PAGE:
A Vision of Anne Brontë
by
Maria Torres

 
Maria Torres (New York)
Maria Torres

Anne Brontë has been horribly underrated, and still is - even the Brontë Transactions publish very, very few articles about her. For me, her personality and writing are characterized by sincerity and a quiet, dry sense of satire. One of the themes of her life is quiet courage and over-coming of obstacles: She is the only Brontë sister who succeeded in earning a living and in making a positive impression on her charges. Two of her former Robinson students came all the way to Haworth to visit her in 1848. They wrote to her on a regular basis before that, asking advice. To this degree, she was more of a success than Charlotte. Her innate shyness gave way to an ability to communicate her thoughts in a brisk, charming, direct manner. Where Charlotte seemed, at times, to relish her in-drawn aspect in public, Anne struggled to conquer hers. And when, like Charlotte and Branwell, she found a love (in William Weightman) that proved inaccessible (through death), she didn't allow the fact to poison her life, as Charlotte allowed hers to for a long time, or to destroy her sanity, as Branwell tragically did. If, as seems to be the consensus, she was the most sickly of the Brontës through most of their lives, she didn't let that get in the way of hiking the moors with Emily, wrestling recalcitrant students like the Inghams, or throwing herself into her creative work. Her possible initial tentativeness in publishing blossomed from the small, compact effort of Agnes Grey to the amazing Tenant of Wildfell Hall; her religious fears and questions were conquered so that she was able to face death in the eye. Her last words were "Take courage, Charlotte."

She was the closest thing to a confidante that Emily ever had, and even after life experience had drawn them apart, there were still points of understanding between them. If Muriel Spark is correct about Anne's Poem "The Three Guides", in which it is postulated that the spirit of Pride represents Emily, then Anne was not afraid to criticize Emily up front; Charlotte couldn't say the same. Both younger sisters had several traits in common: They both treasured their personal privacy; they both wrote what they felt and knew was right, in the teeth of accepted boundaries; they both loved animals to a degree above even Charlotte. Anne, in fact, seemed to be especially fond of cats, as Emily seemed drawn to dogs. Agnes Grey has a kitten of which she is very fond; Nancy Brown has a cat which acts as a barometer. In one of her diary notes, kept in conjunction with Emily, Anne makes special mention of a "sweet little cat" who died; and in the introductory scene of the Rivers sisters in Jane Eyre, which strikes me a thumb-nail picture of Emily and Anne, Charlotte writes that a large dog was resting its head on Diana's lap while Mary had a cat on hers. Anne also seemed to identify herself with the dove, as indicated in her poem, "The Captive Dove", as Emily seemed to see herself in the hawk.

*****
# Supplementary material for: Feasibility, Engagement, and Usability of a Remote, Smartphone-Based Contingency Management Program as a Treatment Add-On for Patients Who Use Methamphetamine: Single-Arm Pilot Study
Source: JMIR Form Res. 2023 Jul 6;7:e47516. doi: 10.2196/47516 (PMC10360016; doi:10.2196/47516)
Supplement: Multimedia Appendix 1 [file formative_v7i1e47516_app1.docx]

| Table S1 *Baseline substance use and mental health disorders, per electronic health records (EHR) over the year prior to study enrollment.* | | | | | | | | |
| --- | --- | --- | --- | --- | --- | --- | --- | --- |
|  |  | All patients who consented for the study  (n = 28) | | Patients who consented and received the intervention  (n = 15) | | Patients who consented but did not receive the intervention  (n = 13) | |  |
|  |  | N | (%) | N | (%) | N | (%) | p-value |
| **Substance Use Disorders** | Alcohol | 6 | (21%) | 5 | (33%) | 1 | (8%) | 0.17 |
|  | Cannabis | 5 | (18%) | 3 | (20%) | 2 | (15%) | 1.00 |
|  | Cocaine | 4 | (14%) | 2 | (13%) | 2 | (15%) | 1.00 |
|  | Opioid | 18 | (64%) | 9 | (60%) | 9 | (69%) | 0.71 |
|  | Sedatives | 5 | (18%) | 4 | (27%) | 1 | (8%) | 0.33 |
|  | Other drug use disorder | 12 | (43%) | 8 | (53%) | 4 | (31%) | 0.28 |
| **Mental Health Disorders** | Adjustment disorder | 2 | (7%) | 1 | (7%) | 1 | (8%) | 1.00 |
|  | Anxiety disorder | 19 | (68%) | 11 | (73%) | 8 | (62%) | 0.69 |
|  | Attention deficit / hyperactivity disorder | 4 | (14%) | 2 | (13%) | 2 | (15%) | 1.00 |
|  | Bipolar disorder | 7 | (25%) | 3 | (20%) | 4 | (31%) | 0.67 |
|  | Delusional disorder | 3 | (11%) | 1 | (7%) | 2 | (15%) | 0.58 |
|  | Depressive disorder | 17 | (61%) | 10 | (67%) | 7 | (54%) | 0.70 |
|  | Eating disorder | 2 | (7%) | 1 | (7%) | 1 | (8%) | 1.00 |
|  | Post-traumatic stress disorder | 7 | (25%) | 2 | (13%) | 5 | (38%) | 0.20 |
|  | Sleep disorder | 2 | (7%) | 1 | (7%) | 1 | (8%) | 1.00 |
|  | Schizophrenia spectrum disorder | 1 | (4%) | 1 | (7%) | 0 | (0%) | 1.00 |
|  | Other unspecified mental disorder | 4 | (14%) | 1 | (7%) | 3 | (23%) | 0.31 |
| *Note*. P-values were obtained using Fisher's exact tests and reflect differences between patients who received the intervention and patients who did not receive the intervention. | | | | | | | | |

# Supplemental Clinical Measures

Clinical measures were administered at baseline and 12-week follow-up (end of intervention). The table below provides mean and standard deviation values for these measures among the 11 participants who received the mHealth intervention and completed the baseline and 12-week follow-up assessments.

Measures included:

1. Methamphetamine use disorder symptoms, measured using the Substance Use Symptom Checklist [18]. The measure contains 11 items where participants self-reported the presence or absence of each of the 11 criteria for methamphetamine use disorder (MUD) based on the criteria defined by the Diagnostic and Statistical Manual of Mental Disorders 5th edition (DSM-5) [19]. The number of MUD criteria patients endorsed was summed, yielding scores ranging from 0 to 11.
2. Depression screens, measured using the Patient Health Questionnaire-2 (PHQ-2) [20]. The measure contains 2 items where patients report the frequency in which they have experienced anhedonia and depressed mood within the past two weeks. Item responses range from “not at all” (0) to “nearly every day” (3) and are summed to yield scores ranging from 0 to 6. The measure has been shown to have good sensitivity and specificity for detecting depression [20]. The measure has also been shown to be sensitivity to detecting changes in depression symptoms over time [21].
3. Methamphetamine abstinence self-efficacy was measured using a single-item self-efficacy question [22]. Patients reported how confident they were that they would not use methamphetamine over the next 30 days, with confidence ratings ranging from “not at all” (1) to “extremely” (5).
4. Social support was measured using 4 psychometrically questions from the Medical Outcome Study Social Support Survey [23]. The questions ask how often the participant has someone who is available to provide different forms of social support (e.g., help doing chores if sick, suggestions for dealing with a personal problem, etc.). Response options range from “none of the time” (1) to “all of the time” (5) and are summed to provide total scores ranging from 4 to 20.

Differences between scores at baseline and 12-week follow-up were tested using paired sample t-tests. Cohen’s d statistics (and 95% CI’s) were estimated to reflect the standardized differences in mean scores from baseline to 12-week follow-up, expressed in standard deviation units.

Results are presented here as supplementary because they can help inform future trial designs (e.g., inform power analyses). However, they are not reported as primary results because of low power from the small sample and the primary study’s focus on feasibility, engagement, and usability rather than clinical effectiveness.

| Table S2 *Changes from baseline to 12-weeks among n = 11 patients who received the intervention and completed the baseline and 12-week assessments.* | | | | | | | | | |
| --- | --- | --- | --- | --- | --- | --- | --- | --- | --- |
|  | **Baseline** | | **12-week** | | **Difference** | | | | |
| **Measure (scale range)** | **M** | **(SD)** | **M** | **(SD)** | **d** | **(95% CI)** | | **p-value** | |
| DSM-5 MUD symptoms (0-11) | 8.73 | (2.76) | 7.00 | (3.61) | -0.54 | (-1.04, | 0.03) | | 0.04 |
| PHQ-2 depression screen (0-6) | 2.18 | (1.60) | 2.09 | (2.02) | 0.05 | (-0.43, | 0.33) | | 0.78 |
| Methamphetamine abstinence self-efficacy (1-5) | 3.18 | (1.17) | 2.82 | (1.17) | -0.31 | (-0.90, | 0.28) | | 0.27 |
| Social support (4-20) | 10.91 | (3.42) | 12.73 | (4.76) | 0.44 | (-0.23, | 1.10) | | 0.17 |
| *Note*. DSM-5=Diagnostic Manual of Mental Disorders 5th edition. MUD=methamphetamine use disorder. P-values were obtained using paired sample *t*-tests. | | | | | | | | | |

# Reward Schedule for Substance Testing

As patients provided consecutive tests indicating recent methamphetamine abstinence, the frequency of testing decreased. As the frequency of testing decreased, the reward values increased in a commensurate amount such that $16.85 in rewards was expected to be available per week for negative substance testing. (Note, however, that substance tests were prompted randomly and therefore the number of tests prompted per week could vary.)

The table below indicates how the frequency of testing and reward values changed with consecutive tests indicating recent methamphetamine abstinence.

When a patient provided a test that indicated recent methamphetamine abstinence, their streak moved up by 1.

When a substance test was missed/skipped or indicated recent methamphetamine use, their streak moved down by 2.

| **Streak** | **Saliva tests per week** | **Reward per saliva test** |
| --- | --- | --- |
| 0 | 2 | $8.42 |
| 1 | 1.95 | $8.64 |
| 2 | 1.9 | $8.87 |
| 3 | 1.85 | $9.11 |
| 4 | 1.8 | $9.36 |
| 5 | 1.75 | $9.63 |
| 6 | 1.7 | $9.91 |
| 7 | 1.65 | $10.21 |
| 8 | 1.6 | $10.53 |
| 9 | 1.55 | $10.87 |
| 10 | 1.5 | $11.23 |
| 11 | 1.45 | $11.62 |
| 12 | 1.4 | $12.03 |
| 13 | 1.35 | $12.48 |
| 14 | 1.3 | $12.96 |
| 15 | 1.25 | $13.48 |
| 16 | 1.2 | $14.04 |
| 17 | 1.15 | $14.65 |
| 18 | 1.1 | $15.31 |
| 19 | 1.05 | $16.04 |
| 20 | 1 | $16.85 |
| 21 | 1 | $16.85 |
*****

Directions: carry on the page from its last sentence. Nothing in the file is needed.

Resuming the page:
There are some books that focus on Anne: Winifred Gerin has a biography on each sibling; Edward Chitham remembers her importance to Emily in his biography of Emily and also has a biography on Anne that acts as a companion piece. He also has collection of her poetry, together with a wonderful introduction. Muriel Spark, in her long essay on Emily, also has a refreshing view on Anne. Elizabeth Langland, in Anne Brontë, the Other One, takes an unmilitant feminist point of view on Anne and her work that goes down very well. After going crazy looking for Frawley's book on Anne, I do not recommend it very much. I find little perception and much repetition.

Maria
elena@pipeline.com

 
Maria Elena Torres (1999)

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